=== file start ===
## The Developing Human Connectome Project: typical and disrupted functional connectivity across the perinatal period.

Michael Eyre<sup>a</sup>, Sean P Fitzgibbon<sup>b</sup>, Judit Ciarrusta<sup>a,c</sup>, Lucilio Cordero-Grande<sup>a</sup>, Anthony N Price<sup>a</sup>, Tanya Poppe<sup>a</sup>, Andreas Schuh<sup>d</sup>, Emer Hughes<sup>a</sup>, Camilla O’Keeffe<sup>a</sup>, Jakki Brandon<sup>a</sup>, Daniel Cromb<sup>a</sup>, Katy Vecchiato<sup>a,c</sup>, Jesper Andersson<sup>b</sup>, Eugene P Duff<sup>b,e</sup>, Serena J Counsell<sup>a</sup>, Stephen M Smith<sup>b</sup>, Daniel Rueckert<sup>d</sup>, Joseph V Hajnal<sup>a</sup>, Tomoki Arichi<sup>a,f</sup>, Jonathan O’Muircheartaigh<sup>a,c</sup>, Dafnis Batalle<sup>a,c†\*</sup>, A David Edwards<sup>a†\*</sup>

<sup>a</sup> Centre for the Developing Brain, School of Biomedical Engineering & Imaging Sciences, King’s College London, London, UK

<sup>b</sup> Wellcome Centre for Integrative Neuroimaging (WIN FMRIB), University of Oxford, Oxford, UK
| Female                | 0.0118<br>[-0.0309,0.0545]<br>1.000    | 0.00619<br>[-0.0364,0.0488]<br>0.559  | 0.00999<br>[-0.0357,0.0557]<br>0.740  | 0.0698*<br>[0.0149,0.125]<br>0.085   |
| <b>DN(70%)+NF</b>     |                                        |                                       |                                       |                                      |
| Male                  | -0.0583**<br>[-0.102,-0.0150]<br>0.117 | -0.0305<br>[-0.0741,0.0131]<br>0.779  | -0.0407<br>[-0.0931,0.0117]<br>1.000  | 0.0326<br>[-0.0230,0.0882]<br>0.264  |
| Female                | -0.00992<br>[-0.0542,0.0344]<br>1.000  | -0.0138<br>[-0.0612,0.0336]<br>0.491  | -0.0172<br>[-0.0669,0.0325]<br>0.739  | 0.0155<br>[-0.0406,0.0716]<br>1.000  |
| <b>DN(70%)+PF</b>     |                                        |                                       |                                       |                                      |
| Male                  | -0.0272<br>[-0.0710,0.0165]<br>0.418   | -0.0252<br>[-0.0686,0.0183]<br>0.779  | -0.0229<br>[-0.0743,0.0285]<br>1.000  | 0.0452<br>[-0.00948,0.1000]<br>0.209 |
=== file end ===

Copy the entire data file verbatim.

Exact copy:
## The Developing Human Connectome Project: typical and disrupted functional connectivity across the perinatal period.

Michael Eyre<sup>a</sup>, Sean P Fitzgibbon<sup>b</sup>, Judit Ciarrusta<sup>a,c</sup>, Lucilio Cordero-Grande<sup>a</sup>, Anthony N Price<sup>a</sup>, Tanya Poppe<sup>a</sup>, Andreas Schuh<sup>d</sup>, Emer Hughes<sup>a</sup>, Camilla O’Keeffe<sup>a</sup>, Jakki Brandon<sup>a</sup>, Daniel Cromb<sup>a</sup>, Katy Vecchiato<sup>a,c</sup>, Jesper Andersson<sup>b</sup>, Eugene P Duff<sup>b,e</sup>, Serena J Counsell<sup>a</sup>, Stephen M Smith<sup>b</sup>, Daniel Rueckert<sup>d</sup>, Joseph V Hajnal<sup>a</sup>, Tomoki Arichi<sup>a,f</sup>, Jonathan O’Muircheartaigh<sup>a,c</sup>, Dafnis Batalle<sup>a,c†\*</sup>, A David Edwards<sup>a†\*</sup>

<sup>a</sup> Centre for the Developing Brain, School of Biomedical Engineering & Imaging Sciences, King’s College London, London, UK

<sup>b</sup> Wellcome Centre for Integrative Neuroimaging (WIN FMRIB), University of Oxford, Oxford, UK
| Female                | 0.0118<br>[-0.0309,0.0545]<br>1.000    | 0.00619<br>[-0.0364,0.0488]<br>0.559  | 0.00999<br>[-0.0357,0.0557]<br>0.740  | 0.0698*<br>[0.0149,0.125]<br>0.085   |
| <b>DN(70%)+NF</b>     |                                        |                                       |                                       |                                      |
| Male                  | -0.0583**<br>[-0.102,-0.0150]<br>0.117 | -0.0305<br>[-0.0741,0.0131]<br>0.779  | -0.0407<br>[-0.0931,0.0117]<br>1.000  | 0.0326<br>[-0.0230,0.0882]<br>0.264  |
| Female                | -0.00992<br>[-0.0542,0.0344]<br>1.000  | -0.0138<br>[-0.0612,0.0336]<br>0.491  | -0.0172<br>[-0.0669,0.0325]<br>0.739  | 0.0155<br>[-0.0406,0.0716]<br>1.000  |
| <b>DN(70%)+PF</b>     |                                        |                                       |                                       |                                      |
| Male                  | -0.0272<br>[-0.0710,0.0165]<br>0.418   | -0.0252<br>[-0.0686,0.0183]<br>0.779  | -0.0229<br>[-0.0743,0.0285]<br>1.000  | 0.0452<br>[-0.00948,0.1000]<br>0.209 |